Disparity in Pain Management due to Racial Biases

Earlier in the semester, we listened to a podcast that shed light on the “backfire effect” which is the idea that people who hold deeply rooted opinions are not going to change even when presented facts. Rather, these facts actually make the person feel more confident in themselves because they doubt the source of information. Myth-based beliefs and biases can be stronger than proven ones. Eventually however, when presented with enough mounting evidence, people eventually come around and accept the new fact as true. This last caveat is important as it ultimately means that ignorance can be overshadowed by truth, as it just takes a patient, concerted effort.

Blacks and whites have experienced systematically different treatment by the medical community, as outlined in class and class readings. However, more seemingly benign disparities that were never mentioned in class add up. For example, black Americans have been proven to be under treated for pain relative to whites. While this is not the workings of a certain entity trying to systematically oppress blacks for no reason, it has been systemic nonetheless. This manifests itself in part because physicians might assume that black patients are more likely to abuse the medication, or because they fail to realize that pain medication is necessary.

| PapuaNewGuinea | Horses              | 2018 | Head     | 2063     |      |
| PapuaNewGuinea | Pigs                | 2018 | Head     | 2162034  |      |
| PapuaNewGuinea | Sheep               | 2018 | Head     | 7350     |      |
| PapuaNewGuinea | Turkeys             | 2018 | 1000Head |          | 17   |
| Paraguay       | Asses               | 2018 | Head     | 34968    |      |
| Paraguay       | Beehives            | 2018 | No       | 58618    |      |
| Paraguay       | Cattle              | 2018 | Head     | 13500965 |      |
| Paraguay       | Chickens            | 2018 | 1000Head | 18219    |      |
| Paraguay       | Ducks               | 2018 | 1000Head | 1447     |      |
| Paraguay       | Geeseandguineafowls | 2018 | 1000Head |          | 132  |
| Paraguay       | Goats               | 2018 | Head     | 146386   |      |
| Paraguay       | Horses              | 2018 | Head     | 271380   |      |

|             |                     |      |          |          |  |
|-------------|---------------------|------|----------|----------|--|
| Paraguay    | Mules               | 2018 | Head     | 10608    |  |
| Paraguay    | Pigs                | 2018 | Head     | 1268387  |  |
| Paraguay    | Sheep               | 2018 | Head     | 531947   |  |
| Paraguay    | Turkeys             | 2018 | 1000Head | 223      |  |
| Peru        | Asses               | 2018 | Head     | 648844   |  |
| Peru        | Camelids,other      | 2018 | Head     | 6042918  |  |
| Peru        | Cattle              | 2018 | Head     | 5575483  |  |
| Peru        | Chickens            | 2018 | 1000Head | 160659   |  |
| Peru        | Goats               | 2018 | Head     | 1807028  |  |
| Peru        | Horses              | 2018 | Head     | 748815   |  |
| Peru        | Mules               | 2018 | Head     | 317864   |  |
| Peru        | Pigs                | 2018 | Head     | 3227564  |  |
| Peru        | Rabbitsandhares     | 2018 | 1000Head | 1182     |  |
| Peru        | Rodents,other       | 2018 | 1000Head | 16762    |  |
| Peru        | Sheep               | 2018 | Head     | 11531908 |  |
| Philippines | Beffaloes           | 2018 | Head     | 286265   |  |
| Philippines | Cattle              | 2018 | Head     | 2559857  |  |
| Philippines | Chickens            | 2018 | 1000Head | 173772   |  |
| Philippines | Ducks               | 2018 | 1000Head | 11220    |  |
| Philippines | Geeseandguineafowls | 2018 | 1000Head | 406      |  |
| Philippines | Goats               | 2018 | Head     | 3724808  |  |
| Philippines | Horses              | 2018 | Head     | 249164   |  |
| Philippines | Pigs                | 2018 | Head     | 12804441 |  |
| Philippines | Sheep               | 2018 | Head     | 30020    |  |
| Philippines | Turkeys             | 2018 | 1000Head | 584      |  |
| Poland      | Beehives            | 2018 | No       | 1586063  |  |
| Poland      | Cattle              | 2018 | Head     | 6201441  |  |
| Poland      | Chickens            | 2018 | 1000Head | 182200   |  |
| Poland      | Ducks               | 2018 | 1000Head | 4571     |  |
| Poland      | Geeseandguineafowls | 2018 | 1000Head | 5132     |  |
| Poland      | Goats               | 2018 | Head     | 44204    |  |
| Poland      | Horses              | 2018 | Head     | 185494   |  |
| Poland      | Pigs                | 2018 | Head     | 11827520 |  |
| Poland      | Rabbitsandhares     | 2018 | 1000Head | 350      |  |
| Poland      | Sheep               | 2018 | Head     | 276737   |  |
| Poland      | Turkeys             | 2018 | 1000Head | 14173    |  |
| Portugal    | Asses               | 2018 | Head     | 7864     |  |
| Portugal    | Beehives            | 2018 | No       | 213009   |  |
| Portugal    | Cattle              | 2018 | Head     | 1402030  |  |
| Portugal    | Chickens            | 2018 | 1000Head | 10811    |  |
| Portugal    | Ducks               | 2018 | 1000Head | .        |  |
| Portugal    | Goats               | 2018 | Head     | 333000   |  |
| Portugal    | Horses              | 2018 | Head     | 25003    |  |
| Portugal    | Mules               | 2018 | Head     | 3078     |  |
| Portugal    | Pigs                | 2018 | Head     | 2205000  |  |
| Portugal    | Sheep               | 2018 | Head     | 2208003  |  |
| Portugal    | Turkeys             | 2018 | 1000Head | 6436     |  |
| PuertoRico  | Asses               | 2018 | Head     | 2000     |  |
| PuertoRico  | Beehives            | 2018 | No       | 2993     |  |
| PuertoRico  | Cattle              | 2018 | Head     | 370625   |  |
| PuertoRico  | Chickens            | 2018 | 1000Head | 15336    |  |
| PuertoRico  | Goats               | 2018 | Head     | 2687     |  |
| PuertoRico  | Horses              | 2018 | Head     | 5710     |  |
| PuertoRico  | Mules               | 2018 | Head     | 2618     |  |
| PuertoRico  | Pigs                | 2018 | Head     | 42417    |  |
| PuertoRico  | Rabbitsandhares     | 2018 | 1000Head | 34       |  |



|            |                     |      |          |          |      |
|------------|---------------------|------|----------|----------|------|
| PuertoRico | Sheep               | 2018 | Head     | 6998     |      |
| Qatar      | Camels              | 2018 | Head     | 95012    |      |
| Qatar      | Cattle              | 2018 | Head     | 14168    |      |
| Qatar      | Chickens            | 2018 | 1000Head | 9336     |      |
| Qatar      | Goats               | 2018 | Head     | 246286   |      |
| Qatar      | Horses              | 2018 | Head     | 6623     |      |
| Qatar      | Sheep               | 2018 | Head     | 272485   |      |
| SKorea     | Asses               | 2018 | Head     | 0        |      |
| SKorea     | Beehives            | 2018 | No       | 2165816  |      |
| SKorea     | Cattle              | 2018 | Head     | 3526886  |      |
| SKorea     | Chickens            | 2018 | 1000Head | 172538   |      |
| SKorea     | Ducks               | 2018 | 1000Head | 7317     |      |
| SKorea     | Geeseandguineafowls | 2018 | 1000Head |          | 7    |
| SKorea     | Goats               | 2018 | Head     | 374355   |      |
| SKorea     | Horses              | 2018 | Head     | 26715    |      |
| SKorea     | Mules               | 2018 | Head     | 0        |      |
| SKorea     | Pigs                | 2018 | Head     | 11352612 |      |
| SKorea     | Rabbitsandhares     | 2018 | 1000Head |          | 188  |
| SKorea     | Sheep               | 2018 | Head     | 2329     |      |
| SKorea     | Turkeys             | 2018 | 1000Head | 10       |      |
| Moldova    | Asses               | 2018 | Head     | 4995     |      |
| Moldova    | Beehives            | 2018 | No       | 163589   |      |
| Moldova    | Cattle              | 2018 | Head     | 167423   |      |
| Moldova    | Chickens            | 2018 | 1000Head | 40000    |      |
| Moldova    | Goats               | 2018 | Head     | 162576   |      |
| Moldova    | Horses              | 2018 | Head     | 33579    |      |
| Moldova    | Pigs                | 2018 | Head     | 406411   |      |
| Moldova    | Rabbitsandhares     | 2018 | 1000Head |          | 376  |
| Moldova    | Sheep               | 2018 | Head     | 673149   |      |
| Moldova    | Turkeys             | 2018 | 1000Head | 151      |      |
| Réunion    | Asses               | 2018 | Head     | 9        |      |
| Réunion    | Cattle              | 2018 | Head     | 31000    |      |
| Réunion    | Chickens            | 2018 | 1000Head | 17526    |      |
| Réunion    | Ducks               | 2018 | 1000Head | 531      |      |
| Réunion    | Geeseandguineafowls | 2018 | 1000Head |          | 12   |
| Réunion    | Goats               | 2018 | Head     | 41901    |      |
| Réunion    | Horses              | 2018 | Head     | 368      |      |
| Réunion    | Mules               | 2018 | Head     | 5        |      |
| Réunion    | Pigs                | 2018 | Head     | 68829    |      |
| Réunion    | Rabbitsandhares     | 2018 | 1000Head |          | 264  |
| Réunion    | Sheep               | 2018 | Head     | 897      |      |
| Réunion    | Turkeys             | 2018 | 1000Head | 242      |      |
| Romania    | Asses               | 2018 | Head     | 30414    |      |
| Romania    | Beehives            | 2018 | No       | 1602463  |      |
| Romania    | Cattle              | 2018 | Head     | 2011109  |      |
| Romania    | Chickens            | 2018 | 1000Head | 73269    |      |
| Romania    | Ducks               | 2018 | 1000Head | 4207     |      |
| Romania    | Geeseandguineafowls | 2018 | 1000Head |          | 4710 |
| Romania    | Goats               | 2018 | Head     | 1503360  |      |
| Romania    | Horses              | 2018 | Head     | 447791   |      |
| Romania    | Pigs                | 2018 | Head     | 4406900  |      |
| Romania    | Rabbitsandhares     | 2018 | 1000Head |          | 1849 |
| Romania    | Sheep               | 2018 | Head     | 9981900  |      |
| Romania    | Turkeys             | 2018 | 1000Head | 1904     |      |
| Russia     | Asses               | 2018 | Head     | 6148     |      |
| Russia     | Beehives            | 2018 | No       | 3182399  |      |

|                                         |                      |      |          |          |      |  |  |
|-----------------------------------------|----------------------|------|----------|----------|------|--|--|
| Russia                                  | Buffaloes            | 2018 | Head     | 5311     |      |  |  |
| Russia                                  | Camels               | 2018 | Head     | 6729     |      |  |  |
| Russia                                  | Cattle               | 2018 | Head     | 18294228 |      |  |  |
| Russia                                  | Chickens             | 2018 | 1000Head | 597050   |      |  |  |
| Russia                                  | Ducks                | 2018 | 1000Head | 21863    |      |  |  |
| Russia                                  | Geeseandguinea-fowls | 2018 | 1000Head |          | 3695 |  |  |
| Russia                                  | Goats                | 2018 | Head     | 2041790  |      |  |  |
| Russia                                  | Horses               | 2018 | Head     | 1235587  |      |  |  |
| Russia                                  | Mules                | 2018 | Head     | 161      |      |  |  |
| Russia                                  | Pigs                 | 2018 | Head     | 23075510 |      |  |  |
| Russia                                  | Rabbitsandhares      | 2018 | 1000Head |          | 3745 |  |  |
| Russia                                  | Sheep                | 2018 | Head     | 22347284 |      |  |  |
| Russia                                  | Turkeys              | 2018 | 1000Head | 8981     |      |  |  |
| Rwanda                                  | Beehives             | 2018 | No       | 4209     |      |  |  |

A study derived from https://news.virginia.edu/content/study-links-disparities-pain-management-racial-bias was conducted at the University of Virginia, and found that the differences in pain medication prescriptions result, in part, from white medical students holding false beliefs about African Americans. In the University study, white medical students were surveyed on whether they believe various beliefs (false) about race and then asked them the pain levels they would associate with different, mock medical scenarios. These false beliefs include that African Americans skin is thicker than whites and that their blood coagulates more quickly. Other false beliefs include that black people’s nerve endings are less sensitive than whites and that blacks age slower than whites (reference to idiom “black don’t crack”). These false beliefs are not predicated on facts, and they can therefore be overrode. In the University study, at least half the sample of white medical students believed in one of the false beliefs stated above. The study ultimately found that those who did not hold any false beliefs did not show any evidence of discrimination in treatment. This suggests that systemic racism, no matter what domain it is found in, can be eliminated, but only after confronting and proving wrong the false belief that predicates it.

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